Takeda is trying to unleash innovative thinking across its divisions, with lots of external patient-focused digital collaborations.
Villetelle acknowledged that it is very difficult to combine the entrepreneurial spirit with the big pharma, process-driven R&D mindset.
It’s worth noting that Elon Musk’s brash style isn’t everyone’s cup of tea. But after having made his fortune by developing PayPal, Musk says he has pursued solutions for humanity’s biggest problems – and not just profit – and that is something that pharma can also do well to emulate.
One of the final speakers at the close of the three-day conference was Frank Kumli, executive director, life sciences at consultancy firm EY.
He mapped out the astonishingly rapid development of pharma-tech collaborations so far – EY counting more than 100 digital deals so far – but said the industry had to push on to show some real results from sometimes tentative efforts.
Kumli said the sector is suffering from ‘pilotitis’ – too many pilot studies – and should just get on and scale these up to deliver results faster.
Before this stage, however, you have to be sure your technology can truly deliver for your customer – Kumli and many other speakers warned that falling in love with technologies is a common mistake.
He also advised that pharma should integrate initiatives around a purpose and a customer – otherwise things could become fragmented and unfocused.
Asked which companies he believed were leading in digital innovation, he didn’t want to name any names. However, he did say that the companies that are in advance of all the others are the mid-sized companies.
These have understood it will be about patient outcomes, he said, and also where the management team have been able to drive the digitisation strategy.
There were many companies sharing examples of ongoing study pilots and projects which integrate the digital with pharma’s own R&D expertise. These, combined with a new laser-like focus on personalising care and real-world patient outcomes look set to be core offerings of pharma in the near future.
One example of this was presented by Lisa Egbuono-Davis, VP, global head patient-centred outcomes and solutions at Sanofi. The company has teamed up with tech group Mytonomy and three US academic institutions – Colombia, Duke University, Medstar Health.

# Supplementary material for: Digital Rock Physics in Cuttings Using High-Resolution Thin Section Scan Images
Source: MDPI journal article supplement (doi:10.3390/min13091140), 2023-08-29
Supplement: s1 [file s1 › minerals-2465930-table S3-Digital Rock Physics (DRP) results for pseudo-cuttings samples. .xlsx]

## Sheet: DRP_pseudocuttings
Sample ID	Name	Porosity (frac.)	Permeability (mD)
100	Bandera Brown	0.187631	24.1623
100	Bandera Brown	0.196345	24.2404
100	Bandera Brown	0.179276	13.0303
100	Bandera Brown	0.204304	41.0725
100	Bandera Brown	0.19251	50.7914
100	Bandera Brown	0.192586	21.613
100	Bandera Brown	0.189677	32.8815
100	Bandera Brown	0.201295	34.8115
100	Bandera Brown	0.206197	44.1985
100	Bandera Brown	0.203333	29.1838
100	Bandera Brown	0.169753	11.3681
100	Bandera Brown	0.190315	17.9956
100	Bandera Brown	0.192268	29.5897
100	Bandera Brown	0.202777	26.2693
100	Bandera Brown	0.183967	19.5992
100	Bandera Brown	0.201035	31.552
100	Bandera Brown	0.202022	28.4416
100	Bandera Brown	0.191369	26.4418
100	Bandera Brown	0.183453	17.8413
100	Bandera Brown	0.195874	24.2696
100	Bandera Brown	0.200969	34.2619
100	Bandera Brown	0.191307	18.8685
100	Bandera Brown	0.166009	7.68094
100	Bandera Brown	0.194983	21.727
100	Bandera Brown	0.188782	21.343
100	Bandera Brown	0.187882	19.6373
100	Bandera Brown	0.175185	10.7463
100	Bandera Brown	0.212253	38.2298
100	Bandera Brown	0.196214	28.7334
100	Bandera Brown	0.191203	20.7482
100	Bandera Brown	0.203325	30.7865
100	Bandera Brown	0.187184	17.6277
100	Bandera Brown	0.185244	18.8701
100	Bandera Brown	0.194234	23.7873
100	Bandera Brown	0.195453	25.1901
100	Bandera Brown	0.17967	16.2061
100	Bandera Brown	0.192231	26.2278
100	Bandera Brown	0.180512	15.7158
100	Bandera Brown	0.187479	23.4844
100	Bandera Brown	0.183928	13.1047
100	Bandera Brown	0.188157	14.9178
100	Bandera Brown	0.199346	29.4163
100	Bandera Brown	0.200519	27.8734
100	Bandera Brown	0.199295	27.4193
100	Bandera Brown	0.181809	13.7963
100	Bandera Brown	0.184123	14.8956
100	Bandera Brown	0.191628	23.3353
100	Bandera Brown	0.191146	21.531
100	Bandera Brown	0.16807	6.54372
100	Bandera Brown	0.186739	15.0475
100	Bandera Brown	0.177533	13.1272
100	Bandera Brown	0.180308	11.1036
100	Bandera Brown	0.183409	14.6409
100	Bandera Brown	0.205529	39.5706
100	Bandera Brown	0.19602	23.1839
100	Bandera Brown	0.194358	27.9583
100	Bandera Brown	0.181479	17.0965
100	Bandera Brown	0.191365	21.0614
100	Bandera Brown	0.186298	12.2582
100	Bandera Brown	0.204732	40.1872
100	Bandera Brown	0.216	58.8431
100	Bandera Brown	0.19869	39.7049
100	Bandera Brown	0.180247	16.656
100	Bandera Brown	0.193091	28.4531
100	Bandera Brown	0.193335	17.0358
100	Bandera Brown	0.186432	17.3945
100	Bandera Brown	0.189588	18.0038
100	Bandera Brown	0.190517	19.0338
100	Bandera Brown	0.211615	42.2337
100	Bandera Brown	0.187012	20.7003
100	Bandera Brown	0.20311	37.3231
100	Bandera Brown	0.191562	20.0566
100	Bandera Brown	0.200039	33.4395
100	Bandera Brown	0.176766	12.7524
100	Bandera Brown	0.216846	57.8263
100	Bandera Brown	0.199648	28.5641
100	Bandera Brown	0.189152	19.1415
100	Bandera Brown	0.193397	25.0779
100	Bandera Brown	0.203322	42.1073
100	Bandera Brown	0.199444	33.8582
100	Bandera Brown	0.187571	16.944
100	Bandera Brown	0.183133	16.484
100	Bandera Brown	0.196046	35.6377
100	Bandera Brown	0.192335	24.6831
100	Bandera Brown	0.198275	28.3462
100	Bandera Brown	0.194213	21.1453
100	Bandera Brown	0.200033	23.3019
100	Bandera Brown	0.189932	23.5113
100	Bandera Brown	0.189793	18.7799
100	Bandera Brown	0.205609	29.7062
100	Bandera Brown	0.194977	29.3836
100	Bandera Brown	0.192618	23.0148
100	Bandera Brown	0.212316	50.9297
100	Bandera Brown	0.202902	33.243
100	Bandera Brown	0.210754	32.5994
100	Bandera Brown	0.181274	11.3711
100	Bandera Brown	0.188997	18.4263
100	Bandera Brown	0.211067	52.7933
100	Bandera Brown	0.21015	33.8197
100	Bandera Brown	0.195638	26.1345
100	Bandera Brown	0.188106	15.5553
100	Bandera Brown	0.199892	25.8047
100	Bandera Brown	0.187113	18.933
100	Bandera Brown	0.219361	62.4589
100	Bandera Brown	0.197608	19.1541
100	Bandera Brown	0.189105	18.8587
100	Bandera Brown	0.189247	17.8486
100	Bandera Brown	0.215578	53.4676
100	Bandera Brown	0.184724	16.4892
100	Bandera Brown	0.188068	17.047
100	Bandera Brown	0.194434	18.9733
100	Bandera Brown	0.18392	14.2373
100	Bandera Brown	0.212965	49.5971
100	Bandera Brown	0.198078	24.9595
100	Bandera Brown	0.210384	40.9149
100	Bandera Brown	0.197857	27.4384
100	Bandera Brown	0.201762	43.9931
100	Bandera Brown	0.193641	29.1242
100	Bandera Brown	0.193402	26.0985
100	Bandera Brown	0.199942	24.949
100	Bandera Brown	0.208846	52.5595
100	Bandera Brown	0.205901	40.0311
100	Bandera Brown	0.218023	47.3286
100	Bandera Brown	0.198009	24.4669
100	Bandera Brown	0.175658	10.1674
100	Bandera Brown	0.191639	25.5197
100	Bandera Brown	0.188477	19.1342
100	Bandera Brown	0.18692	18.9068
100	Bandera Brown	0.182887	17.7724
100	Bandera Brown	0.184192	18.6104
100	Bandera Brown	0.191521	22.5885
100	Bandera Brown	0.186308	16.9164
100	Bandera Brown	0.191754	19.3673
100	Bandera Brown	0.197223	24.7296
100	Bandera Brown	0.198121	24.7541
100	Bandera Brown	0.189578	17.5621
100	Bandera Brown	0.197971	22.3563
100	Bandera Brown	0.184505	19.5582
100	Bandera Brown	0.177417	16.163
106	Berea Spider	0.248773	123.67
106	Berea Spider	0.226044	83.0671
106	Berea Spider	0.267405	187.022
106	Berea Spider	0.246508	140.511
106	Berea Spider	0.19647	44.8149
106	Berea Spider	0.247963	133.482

The aim is to co-create innovative micro-learning content targeted to increase activation levels of patients new to insulin.
It is specifically focused on populations that are most at risk for non-adherence and the fastest growing new insulin users.
Egbuono-Davis said Sanofi’s programme is based on behavioural science and its insights. In the US, African Americans, Hispanics and South Asians are all at risk of worse outcomes in diabetes. The company’s research found a variety of cultural barriers to insulin use in these groups – for instance in the Hispanic community there was a stigma around the use of needles linked to their association with drug addicts.
The project focuses on helping these patients control their diabetes more effectively using a range of videos tailored to their real-life scenarios. This isn’t hi-tech, but focuses on understanding patient needs by behavioural science to understand why individuals and groups behave the way they do.
As with many other projects presented, Egbuono-Davis made it clear that it wasn’t the technological challenges which were the most difficult, but the cultural ones – getting these organistions to align around a common goal takes time, patience and honesty on all sides.
The value of these patient-focused, digitally-enabled projects will become clearer in the next few years. However there is little doubt that these approaches are absolutely necessary for pharma to remain a true stakeholder in healthcare, and not get disintermediated or left behind.